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All sorts of Shaq stuff

June, 3, 2011
Kamenetzky By Brian Kamenetzky
Understanding Shaquille O'Neal's legacy in L.A. is still something hotly debated- we discuss it in this week's Triangle, and Arash Markazi touches on it here- on the day he met with the press to formally announce his retirement it's worth looking back at the career of one of the great icons the Lakers franchise has ever seen.

With that in mind, take a look at some fun links from the mothership and beyond:

Former Laker Shaquille O'Neal joins the Max and Marcellus Show to talk about his retirement, his time in L.A., and more.

Podcast Listen
-First, today's 5-on-5 roundtable is all about O'Neal.

-Next, writers who covered Shaq reflect on some of their favorite stories. It's a great read because despite all the legitimate criticism he takes for never maximizing his talent completely, for periodic bouts of real petulance, and more, at his core O'Neal treated the NBA like a game, and made it tremendously entertaining for those who follow it.

-A cool look at what might have been from the always insightful Tom Ziller of SB Nation.

-SI's Jack McCallum, while lamenting the cliche, writes there really won't be another one like him.

Finally, click on the interview on the right, as Shaq joined the Max and Marcellus Show on 710 ESPN this afternoon, Mark Willard filling in for Max Kellerman. Apparently, Shaq is interested in helping the NFL return to Los Angeles...

Phil Jackson on Tex Winter and the Hall of Fame

April, 4, 2011
Kamenetzky By Brian Kamenetzky
Before Sunday afternoon's loss to Denver at Staples, Phil Jackson spoke at length on the news Tex Winter, pioneer of the triangle offense and longtime assistant coach and mentor, will be enshrined in the Naismith Memorial Basketball Hall of Fame.While Jackson was clearly pleased by the news, there was also a great deal of anger and frustration in the length of time it took for the honor to come.

Winter, born in February of 1922, suffered a stroke in 2009 and reports indicate declining health will prevent him from attending his induction ceremony.

Andrew D. Bernstein/NBAE/Getty Images
For Phil Jackson, news Tex Winter will be inducted into the Naismith Basketball Hall of Fame was welcome, but bittersweet.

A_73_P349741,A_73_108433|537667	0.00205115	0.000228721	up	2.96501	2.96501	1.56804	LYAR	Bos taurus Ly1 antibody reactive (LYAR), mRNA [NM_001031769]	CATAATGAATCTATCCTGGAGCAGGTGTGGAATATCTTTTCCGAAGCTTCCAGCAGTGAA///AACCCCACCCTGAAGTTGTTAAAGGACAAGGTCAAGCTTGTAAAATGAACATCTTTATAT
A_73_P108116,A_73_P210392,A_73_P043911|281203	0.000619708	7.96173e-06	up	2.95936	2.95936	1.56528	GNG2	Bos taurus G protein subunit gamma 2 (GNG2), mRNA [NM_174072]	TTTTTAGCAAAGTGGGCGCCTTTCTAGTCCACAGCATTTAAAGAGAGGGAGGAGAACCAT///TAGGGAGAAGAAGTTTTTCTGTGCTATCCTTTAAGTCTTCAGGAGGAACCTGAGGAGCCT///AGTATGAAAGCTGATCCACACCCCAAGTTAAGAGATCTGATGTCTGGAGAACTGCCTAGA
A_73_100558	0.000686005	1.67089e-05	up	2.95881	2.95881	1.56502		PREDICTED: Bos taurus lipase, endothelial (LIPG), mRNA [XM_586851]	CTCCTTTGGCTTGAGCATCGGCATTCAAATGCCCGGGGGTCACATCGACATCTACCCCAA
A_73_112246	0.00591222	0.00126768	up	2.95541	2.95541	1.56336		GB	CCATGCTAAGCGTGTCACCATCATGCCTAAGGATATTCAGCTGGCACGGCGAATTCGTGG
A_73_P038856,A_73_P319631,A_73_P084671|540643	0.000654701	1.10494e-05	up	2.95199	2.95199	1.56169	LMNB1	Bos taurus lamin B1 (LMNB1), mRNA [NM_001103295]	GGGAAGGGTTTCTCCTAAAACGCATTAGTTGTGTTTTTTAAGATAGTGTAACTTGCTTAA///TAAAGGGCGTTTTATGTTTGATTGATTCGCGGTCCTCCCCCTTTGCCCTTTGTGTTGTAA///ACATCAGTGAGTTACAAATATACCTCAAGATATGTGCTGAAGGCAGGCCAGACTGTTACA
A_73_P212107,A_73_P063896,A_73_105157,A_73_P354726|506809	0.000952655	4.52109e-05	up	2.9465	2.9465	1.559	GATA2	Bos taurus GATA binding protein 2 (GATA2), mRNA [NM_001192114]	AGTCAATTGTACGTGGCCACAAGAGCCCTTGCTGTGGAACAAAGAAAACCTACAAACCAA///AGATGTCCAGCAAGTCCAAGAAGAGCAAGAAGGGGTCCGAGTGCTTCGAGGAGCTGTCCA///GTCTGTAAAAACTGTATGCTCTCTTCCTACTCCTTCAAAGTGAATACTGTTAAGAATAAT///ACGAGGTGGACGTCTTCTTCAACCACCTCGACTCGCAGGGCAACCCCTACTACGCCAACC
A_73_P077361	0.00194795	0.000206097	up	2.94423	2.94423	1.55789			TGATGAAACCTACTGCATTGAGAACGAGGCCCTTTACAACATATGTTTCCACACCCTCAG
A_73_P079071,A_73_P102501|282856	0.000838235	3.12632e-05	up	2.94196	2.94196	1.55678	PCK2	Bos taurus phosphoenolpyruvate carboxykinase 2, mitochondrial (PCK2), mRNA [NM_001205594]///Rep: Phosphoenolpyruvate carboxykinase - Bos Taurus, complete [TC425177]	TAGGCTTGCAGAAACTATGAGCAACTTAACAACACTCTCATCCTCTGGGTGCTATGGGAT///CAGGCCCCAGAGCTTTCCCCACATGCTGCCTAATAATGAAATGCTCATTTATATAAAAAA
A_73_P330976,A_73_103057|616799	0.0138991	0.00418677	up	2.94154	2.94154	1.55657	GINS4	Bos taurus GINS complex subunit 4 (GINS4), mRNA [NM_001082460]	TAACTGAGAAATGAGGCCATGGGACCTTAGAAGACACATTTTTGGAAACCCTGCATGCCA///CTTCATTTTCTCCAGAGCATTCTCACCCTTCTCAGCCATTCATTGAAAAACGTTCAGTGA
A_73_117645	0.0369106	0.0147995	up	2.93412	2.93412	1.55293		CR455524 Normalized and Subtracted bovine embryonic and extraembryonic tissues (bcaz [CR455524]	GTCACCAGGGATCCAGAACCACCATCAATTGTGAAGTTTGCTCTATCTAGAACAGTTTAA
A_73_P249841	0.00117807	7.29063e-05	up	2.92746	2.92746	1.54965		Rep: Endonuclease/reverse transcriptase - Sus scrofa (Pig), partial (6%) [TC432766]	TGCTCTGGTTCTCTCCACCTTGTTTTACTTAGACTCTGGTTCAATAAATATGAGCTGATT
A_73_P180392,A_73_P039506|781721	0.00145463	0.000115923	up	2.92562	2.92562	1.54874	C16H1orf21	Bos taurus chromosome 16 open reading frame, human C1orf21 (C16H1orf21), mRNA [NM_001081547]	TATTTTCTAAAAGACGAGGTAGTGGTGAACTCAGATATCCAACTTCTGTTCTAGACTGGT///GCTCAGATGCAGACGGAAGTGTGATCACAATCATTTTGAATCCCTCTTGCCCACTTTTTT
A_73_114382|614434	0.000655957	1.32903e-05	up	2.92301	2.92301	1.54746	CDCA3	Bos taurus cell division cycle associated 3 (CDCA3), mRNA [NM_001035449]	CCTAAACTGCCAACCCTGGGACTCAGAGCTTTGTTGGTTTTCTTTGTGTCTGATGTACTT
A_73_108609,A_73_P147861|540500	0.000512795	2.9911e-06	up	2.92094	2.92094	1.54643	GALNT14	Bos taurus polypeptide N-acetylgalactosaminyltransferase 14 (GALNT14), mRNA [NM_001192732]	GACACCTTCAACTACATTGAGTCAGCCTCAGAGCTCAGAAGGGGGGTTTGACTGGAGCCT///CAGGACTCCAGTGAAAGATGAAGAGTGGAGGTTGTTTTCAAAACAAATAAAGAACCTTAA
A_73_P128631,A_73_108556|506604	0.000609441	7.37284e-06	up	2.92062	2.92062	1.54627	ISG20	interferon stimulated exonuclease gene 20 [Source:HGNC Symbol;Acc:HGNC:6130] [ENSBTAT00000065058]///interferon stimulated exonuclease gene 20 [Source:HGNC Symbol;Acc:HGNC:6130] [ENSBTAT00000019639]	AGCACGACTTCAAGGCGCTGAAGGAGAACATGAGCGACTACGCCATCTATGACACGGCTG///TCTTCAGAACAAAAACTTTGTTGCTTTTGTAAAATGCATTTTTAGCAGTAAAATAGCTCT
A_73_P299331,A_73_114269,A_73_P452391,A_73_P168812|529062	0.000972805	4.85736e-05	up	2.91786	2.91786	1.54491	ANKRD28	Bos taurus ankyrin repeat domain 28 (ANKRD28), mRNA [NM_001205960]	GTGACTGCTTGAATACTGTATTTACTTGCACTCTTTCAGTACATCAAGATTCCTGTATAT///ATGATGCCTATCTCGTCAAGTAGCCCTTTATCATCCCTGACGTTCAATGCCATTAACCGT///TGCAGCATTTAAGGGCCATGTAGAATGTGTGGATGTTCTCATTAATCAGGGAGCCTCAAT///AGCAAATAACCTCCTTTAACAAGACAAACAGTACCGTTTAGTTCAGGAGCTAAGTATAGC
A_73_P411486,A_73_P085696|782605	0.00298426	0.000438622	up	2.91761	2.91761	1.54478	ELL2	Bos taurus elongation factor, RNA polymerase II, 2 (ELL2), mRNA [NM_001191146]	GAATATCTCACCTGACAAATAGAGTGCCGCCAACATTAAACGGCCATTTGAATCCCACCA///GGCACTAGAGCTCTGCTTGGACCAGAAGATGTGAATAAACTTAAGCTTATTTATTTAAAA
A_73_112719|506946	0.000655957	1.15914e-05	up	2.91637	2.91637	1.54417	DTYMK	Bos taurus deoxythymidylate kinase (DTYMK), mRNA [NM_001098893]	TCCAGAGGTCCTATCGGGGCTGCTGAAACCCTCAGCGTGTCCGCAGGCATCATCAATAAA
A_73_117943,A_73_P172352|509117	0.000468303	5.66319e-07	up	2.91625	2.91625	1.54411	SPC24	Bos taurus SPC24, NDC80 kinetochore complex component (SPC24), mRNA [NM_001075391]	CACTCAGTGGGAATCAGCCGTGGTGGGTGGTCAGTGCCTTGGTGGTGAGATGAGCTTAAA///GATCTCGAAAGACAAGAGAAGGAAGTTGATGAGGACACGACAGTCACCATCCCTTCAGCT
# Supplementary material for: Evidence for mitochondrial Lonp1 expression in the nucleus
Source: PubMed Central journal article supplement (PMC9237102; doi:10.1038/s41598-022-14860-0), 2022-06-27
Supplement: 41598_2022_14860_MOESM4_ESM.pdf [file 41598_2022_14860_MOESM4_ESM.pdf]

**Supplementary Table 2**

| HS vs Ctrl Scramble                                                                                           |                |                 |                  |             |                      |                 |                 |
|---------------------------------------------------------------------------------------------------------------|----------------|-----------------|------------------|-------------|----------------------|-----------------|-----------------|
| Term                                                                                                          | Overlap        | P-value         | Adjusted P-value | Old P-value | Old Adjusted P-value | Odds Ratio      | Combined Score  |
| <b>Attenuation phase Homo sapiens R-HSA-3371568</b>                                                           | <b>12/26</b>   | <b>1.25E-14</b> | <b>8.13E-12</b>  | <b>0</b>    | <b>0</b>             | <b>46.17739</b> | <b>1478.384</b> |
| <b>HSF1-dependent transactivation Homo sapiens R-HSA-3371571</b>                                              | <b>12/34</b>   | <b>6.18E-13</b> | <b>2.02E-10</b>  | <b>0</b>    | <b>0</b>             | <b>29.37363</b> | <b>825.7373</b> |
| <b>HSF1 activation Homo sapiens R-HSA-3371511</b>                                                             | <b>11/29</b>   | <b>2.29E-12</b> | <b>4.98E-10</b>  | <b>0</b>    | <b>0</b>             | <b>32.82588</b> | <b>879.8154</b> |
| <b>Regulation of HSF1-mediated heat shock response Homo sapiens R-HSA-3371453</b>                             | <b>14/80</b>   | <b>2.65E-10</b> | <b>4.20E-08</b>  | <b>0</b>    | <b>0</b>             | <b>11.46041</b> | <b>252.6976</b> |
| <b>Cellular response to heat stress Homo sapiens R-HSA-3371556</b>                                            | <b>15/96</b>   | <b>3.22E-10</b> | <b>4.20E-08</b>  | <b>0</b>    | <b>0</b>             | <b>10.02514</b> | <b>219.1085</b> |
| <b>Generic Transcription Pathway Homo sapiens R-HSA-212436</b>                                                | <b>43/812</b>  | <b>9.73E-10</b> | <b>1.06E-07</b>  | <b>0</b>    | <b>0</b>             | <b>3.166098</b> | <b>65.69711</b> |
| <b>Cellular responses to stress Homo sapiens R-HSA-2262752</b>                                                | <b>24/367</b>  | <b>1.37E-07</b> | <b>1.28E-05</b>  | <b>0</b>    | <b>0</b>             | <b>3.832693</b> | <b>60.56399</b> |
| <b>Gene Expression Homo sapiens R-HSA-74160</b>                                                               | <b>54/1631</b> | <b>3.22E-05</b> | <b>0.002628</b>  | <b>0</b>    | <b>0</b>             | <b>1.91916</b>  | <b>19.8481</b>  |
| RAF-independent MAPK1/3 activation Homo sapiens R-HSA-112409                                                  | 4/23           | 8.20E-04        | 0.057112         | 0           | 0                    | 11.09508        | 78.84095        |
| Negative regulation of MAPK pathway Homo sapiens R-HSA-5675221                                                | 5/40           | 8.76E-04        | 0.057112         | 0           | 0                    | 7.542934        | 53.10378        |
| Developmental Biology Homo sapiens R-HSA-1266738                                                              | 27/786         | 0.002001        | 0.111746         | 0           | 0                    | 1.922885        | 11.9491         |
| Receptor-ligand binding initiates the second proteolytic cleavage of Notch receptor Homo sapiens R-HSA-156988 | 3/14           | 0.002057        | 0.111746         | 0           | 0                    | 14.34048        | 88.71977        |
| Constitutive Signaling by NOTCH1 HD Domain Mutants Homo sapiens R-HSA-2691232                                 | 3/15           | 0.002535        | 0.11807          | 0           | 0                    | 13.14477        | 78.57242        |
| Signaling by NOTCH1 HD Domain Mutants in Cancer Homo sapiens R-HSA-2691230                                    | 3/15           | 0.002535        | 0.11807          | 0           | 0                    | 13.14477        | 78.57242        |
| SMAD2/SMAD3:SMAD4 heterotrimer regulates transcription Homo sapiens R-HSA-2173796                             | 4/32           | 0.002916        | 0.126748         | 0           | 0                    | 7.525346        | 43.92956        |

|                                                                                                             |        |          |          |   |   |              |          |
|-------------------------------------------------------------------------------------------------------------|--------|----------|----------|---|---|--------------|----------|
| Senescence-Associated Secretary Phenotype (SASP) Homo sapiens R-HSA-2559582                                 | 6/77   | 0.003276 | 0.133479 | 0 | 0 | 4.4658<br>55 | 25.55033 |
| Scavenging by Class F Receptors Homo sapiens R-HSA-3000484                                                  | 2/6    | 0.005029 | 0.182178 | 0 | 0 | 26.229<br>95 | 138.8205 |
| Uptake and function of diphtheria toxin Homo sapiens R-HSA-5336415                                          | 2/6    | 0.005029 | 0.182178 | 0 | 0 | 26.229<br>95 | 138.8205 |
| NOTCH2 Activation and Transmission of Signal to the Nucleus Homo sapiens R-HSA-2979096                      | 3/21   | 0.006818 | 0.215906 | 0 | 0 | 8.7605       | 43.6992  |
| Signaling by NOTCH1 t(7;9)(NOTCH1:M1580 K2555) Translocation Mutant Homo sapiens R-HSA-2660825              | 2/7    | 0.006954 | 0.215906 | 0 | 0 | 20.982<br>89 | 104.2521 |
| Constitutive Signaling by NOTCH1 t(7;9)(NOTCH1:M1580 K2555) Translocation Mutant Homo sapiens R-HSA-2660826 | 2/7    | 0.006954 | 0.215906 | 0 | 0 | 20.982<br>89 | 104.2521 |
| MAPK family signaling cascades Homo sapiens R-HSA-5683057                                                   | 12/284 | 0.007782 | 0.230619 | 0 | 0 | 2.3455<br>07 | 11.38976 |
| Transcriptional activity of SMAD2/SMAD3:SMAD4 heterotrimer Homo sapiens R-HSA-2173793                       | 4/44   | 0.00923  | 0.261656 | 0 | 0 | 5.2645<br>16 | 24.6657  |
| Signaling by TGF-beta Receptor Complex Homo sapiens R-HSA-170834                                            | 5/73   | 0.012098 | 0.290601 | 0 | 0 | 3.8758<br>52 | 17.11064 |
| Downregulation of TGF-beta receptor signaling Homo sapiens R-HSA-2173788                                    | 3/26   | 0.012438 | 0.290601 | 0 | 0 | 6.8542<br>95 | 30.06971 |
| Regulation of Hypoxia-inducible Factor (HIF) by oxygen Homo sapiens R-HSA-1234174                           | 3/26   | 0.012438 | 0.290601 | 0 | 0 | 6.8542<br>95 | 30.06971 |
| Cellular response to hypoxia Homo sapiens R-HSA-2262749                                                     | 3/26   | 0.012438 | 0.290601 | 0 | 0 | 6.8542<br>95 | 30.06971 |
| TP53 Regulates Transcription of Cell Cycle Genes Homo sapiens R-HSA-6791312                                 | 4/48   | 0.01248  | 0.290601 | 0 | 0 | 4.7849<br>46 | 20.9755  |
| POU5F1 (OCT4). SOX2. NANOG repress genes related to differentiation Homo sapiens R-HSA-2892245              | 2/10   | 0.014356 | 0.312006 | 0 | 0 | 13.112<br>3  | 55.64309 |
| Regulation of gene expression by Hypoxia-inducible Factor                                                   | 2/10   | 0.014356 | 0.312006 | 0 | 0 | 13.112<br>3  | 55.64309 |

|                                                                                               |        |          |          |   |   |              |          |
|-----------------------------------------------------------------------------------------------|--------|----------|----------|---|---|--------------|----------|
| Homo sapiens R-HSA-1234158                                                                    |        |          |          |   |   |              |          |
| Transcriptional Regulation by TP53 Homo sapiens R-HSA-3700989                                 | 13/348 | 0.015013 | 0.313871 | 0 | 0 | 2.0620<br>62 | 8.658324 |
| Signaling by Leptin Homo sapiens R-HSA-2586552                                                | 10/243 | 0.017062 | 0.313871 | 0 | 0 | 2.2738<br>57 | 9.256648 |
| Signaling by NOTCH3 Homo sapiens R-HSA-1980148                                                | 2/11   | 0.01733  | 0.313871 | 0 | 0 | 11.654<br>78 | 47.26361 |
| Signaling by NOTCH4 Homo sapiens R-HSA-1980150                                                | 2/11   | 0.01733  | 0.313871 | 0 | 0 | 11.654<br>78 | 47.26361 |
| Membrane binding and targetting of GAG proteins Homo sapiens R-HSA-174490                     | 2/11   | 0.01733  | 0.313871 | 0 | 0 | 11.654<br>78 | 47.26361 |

Below is the full exchange between reporters and Jackson. It's an interesting and revealing read, with insight not only to what made Winter such an important figure in the history of the sport, but his role in molding arguably the most successful coach in modern sports.

Q: What have you learned from him more than anything else?

Jackson: How to develop an offense from skill drills is probably best thing that Tex taught. That basketball starts with being able to learn how to pick up the basketball and pivot. From there, you move into passing, and then the other things that become more complicated. But you have to start from very basic beginning with basketball.

Q: You've often described him as a contrarian -- someone who would get in your face and tell you you're wrong. Does anyone else have that relationship with you? Has anyone else told you you're wrong as many times as he has?

Jackson: My mother.

Q: He's number two, though?

Jackson: I'll tell you a story. Red Holzman, when we had a reunion -- I think it was 10 years after the championship [he had as a player with the Knicks in 1973] -- Red brought his wife over and said, "You know, she's the real coach. She tells me how to live my life."

That's kind of the way mothers are. They're the ones that tell you what's right and wrong.

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Memory Lane: Draft day for Andrew Bynum

March, 30, 2011
Kamenetzky By Brian Kamenetzky